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dimitrig

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Posts posted by dimitrig

  1. Sighted today (5/29) near Joshua Tree. There were three of them together flocking with HOFI and even though they flew with the finches they tended to stick together.

    From a distance I thought Brewer’s blackbird because of the size and all-black coloration. However, I managed to get closer to see that they were not all-black but actually had a lighter brownish(?) head.

    Ah ha! Cow birds!

    Well, no. It turns out they had a ring around their neck and a lighter-colored bib as well. I have been birding this area for a decade and these were a first for me in this location, whatever they are. 

    What are they?

    Second photo shows with HOFI in the shot to compare size. 

    C2A71965-07C0-4627-9DDF-20B5FC4695BB.thumb.jpeg.1c85b0c16535754557af9c54c85c0877.jpeg

    8D3EA2BC-097B-4123-AD79-6F89E7F3DD88.jpeg

    FB52F558-9453-4650-A59E-CFEEF1415F76.jpeg

  2. I have had very good luck with the BirdNET App when it comes to IDing song and sounds.

    I tried SongSleuth and it was wrong more than it was right - often REALLY wrong.

    However, BirdNET is really great! It has even picked out two birds calling at the same time. I have been able to ID a lot more birds since I started using it, since I often hear birds before I see them and BirdNET gives me a good idea of what I might be looking for. It's not always able to make an ID and it is not 100% correct, but it's been a great tool to have in the arsenal for people like me who can't yet identify every call made by every bird.

     

    • Like 2
  3. I also have a house near Yucca Valley (Flamingo Heights) and I saw a Scott's this spring, too. Hooded is more common. Actually, in that area you can also see Bullock's as well for the trifecta! I have seen all three at my property over the years. I saw a Hooded just today.

    What makes it distinct isn't the yellow belly as much as the black head. If it's a yellow bird that is not a black-headed grosbeak but has a black head then it's a probably a Scott's oriole.

     

     

     

     

  4. Taken April 13 at Huntington Library and Botanical Garden in San Marino, CA.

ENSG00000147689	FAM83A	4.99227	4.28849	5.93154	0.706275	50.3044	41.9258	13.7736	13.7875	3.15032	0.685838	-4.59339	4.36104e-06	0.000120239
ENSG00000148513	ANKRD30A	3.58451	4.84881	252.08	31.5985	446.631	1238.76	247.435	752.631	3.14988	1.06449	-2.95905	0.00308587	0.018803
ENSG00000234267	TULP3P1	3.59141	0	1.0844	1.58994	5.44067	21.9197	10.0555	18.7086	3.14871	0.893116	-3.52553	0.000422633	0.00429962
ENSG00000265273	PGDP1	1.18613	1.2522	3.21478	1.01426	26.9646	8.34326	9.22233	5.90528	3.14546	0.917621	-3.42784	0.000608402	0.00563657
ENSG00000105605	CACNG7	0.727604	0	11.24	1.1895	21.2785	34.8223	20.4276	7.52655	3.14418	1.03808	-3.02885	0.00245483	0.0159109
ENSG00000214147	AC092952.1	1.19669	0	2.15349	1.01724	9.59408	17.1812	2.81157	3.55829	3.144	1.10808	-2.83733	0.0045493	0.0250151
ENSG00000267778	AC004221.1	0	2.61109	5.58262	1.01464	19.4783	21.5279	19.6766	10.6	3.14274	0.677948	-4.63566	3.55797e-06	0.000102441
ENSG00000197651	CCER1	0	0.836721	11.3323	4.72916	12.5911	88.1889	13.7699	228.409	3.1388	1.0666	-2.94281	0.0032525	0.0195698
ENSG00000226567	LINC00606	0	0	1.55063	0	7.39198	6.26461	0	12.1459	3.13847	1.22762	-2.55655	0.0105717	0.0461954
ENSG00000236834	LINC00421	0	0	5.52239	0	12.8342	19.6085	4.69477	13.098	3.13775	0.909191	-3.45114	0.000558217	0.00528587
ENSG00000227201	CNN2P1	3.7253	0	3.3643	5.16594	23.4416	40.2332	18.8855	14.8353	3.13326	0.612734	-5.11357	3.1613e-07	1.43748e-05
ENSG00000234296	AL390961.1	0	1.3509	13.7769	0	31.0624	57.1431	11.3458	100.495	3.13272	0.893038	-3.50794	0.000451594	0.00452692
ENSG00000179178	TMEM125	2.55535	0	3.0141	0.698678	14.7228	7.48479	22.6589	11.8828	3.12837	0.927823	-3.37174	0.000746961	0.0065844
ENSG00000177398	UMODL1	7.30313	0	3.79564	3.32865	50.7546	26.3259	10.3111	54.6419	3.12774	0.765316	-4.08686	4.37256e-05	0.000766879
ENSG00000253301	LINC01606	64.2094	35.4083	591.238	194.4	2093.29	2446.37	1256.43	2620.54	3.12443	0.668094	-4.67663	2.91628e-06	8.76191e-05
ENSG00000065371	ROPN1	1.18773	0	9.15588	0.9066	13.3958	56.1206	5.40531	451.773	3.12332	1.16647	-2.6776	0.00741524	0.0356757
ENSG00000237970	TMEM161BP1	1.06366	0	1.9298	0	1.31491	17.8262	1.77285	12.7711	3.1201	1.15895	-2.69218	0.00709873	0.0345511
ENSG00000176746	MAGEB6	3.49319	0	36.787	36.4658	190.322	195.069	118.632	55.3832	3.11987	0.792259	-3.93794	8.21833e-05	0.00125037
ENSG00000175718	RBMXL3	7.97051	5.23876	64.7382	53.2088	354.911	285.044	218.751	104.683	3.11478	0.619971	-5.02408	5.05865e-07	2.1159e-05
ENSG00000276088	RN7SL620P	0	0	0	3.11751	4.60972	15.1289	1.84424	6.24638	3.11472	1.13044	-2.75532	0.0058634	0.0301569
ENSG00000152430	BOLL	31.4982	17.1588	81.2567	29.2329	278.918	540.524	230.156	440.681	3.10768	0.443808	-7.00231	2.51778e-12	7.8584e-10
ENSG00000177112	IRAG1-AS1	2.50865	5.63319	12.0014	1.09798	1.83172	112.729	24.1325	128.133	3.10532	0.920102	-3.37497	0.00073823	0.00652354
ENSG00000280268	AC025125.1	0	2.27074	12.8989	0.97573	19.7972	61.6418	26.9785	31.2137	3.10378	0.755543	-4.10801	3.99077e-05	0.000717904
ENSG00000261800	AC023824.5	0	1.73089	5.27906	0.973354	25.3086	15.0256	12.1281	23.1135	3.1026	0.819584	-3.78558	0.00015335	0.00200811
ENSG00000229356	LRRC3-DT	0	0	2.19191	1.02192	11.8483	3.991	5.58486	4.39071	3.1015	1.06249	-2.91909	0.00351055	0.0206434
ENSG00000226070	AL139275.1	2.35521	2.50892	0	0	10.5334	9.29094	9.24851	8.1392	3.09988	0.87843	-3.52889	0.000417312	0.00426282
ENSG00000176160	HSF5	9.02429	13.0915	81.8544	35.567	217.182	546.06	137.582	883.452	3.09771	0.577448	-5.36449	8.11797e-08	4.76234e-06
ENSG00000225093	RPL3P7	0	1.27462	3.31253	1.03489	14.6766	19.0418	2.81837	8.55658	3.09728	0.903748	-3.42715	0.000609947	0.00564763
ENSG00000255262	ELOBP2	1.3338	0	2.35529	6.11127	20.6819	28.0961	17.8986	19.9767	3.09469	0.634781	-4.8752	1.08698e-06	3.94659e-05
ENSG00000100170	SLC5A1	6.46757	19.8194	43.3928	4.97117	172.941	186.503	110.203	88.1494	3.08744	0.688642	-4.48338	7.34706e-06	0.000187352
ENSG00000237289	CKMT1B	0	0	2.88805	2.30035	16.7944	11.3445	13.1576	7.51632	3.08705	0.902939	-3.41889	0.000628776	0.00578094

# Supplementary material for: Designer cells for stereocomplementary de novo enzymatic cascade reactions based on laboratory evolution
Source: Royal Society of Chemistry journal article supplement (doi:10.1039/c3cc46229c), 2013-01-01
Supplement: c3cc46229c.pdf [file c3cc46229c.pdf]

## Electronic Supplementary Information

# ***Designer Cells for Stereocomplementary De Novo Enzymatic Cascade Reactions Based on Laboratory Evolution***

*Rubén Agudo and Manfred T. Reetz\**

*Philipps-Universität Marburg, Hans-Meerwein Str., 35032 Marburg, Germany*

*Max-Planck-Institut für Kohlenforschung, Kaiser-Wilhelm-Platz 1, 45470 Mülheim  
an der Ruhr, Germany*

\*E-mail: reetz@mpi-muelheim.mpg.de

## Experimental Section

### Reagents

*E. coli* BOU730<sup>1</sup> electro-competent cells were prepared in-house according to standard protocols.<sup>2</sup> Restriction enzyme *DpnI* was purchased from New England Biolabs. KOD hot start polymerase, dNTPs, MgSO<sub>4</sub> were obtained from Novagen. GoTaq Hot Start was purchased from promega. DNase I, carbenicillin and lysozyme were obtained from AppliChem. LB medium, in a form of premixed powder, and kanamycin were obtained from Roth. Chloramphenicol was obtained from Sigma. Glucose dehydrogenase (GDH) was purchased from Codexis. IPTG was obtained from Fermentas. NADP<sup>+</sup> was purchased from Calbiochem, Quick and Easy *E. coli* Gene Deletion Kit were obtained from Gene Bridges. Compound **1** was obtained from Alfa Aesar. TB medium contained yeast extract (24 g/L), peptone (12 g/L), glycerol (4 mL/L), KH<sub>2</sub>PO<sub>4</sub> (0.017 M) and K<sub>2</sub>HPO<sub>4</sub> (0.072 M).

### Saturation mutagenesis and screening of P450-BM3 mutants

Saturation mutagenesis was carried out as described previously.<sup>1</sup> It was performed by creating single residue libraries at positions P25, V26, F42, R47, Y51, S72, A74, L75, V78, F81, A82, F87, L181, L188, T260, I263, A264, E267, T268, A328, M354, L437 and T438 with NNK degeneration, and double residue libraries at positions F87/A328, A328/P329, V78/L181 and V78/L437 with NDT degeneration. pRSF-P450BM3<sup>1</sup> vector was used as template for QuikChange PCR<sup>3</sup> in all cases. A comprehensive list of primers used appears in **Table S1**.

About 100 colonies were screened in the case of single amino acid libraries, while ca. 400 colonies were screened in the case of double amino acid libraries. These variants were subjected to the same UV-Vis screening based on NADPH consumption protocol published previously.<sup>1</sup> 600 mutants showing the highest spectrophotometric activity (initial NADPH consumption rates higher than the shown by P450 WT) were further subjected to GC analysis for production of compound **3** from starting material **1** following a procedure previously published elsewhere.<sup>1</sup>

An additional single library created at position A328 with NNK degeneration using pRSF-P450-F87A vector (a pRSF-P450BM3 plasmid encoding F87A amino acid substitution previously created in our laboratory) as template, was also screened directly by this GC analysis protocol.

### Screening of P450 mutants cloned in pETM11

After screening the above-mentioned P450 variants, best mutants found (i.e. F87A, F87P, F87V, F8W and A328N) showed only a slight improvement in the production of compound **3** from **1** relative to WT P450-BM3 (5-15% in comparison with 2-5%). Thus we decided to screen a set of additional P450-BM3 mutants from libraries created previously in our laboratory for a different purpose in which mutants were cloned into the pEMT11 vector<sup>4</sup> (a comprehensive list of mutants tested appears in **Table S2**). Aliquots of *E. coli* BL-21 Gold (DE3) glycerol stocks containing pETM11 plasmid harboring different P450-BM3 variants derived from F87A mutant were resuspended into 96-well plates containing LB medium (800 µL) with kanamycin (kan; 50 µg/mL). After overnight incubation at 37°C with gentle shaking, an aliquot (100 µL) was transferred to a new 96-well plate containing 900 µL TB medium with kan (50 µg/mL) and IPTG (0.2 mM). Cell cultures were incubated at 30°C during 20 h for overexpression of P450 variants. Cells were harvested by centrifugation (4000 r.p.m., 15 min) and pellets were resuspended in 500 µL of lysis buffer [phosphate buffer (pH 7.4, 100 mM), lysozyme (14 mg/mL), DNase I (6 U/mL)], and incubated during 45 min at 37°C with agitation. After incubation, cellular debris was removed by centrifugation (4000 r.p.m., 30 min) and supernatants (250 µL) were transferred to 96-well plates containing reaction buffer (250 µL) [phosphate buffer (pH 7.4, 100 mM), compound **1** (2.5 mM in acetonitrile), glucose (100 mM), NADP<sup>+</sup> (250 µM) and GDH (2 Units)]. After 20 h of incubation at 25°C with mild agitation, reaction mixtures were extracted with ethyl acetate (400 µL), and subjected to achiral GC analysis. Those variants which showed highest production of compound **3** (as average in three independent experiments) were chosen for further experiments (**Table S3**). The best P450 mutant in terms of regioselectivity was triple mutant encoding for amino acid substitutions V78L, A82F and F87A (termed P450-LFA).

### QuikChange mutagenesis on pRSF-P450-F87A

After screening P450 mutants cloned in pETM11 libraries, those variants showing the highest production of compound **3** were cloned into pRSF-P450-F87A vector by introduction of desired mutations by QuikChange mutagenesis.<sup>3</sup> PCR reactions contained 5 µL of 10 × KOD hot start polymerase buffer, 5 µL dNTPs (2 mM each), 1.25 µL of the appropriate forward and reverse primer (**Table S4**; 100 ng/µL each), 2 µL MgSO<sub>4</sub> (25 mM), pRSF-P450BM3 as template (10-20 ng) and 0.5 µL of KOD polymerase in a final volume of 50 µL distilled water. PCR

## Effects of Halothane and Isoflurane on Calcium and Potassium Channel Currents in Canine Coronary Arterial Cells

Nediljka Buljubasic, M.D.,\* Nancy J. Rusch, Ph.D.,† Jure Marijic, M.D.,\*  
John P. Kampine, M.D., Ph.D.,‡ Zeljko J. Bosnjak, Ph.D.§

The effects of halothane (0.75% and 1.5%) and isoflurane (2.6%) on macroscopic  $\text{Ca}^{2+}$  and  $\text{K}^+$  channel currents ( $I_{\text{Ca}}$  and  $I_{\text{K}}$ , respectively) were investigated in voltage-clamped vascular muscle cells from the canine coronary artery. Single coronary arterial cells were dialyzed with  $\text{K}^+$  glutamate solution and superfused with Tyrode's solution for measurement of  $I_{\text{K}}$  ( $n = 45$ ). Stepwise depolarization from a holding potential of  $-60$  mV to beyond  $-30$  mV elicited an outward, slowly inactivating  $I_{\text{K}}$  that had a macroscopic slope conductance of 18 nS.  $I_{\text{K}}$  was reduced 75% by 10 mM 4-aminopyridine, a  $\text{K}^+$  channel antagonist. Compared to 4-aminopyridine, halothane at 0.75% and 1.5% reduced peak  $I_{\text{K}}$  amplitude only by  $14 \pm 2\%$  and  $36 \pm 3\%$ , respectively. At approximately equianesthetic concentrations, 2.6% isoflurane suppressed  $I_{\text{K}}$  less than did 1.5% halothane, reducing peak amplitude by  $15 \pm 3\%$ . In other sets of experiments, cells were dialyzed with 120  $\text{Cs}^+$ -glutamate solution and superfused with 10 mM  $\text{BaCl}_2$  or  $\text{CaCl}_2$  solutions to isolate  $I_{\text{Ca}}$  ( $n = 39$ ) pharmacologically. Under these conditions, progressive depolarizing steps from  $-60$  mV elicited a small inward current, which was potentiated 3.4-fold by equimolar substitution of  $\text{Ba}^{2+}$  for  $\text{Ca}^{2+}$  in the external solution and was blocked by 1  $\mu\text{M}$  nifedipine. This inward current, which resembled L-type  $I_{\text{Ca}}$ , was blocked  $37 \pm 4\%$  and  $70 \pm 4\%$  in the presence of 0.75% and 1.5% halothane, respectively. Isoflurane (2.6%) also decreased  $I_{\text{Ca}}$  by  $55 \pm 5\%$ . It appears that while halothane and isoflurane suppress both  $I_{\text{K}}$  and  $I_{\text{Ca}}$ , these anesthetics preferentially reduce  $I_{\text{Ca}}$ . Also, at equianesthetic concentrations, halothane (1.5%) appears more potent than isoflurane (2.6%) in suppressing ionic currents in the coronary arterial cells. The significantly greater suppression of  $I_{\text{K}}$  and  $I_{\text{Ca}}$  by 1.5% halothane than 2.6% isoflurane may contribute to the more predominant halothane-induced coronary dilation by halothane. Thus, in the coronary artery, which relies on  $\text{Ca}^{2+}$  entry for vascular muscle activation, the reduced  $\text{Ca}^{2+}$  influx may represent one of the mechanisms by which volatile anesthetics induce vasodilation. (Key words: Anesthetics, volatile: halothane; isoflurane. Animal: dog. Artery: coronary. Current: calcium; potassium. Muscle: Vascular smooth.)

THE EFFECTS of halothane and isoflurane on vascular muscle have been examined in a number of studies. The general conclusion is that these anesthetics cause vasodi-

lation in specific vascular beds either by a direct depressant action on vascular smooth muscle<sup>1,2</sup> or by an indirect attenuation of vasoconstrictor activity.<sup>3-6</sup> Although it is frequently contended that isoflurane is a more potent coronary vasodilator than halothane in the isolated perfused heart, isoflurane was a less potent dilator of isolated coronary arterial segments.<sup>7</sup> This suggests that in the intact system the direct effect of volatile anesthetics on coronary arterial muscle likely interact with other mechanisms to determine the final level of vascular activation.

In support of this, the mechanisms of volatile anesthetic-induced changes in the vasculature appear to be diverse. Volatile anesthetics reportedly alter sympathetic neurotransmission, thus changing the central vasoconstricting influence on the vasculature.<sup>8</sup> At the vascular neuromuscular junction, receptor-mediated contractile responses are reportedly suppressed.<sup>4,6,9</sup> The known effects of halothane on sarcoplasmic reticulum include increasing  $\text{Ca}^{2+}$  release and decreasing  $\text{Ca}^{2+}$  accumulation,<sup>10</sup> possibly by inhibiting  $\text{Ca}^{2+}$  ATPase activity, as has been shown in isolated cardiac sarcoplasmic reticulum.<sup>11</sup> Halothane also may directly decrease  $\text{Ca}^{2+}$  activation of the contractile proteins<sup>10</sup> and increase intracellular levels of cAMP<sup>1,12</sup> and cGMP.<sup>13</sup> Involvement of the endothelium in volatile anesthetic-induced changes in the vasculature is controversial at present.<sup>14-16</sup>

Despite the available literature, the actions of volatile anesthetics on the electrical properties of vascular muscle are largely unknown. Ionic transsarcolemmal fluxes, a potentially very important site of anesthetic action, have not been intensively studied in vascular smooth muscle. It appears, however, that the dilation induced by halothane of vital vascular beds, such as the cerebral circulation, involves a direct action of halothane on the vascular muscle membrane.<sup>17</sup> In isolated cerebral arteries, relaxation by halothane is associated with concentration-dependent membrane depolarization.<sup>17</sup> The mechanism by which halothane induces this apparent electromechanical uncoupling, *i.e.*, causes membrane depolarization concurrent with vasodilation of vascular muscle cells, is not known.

Forwarded from a friend who actually took them and was present. She had no idea.

    It was drinking water or nectar from a Puya flower. House finches were doing the same.

    Doesn't seem like typical behavior, but I am going with a northern mockingbird that has gotten pollen all over its face.

    The second photo seals it for me. The first one is just VERY ODD.

    I can't imagine what else it could be? Orioles are common there, too, but coloration seems wrong for a female oriole.

     

    bird1.jpeg

    bird2.jpeg

  5. Wrentits are larger than Bushtits. Also, Bushtits often call to each other while foraging (called "contact calls") while Wrentits generally don't. Bushtits also tend to flock in large numbers, although sometimes there are just one or two. Wrentits are almost always solitary or else a pair. There is almost no mistaking these two species for each other in the field because their size, behavior, and calls are so different from each other.

     

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  6. 4 hours ago, Seanbirds said:

    Oh, OK. Wait- how is feeding birds in your yard supposed to attract rats into her attic?? That just doesn’t make sense.

    Rats come to eat fallen seed and then I guess they need to nest SOMEWHERE.

    I mean, there is some truth to it, but it isn't my fault her attic isn't properly sealed and it's not like we're suddenly not going to have rats if I stop feeding the birds because of how many people have fruit trees around here.

    My dad used to sit in his backyard and shoot the squirrels because they ate all his fruit even as the neighbor was feeding them.

    Anyway, perhaps there is something like that going on here. That's why I asked.

    If this person ISN'T feeding the birds then to me it's a little more scary. A skull in the mailbox? If it's a kid doing it that kid needs to be identified, because it seems like a very disturbed person. Many serial killers start out with animal cruelty.

     

    • Like 1
  7. 8 minutes ago, dimitrig said:

    Maybe you can circle the head of the bird. I can't even tell what I'm looking at or what way it is facing.. The part I circled looks like a head, but it could also be wings. If the circled part is the head and it has those white stripes on it then maybe a red-breasted nuthatch.

    Or even a female black-headed grosbeak. Spotted towhee is a good guess, too, but the head would be black. So where is the head? LOL!

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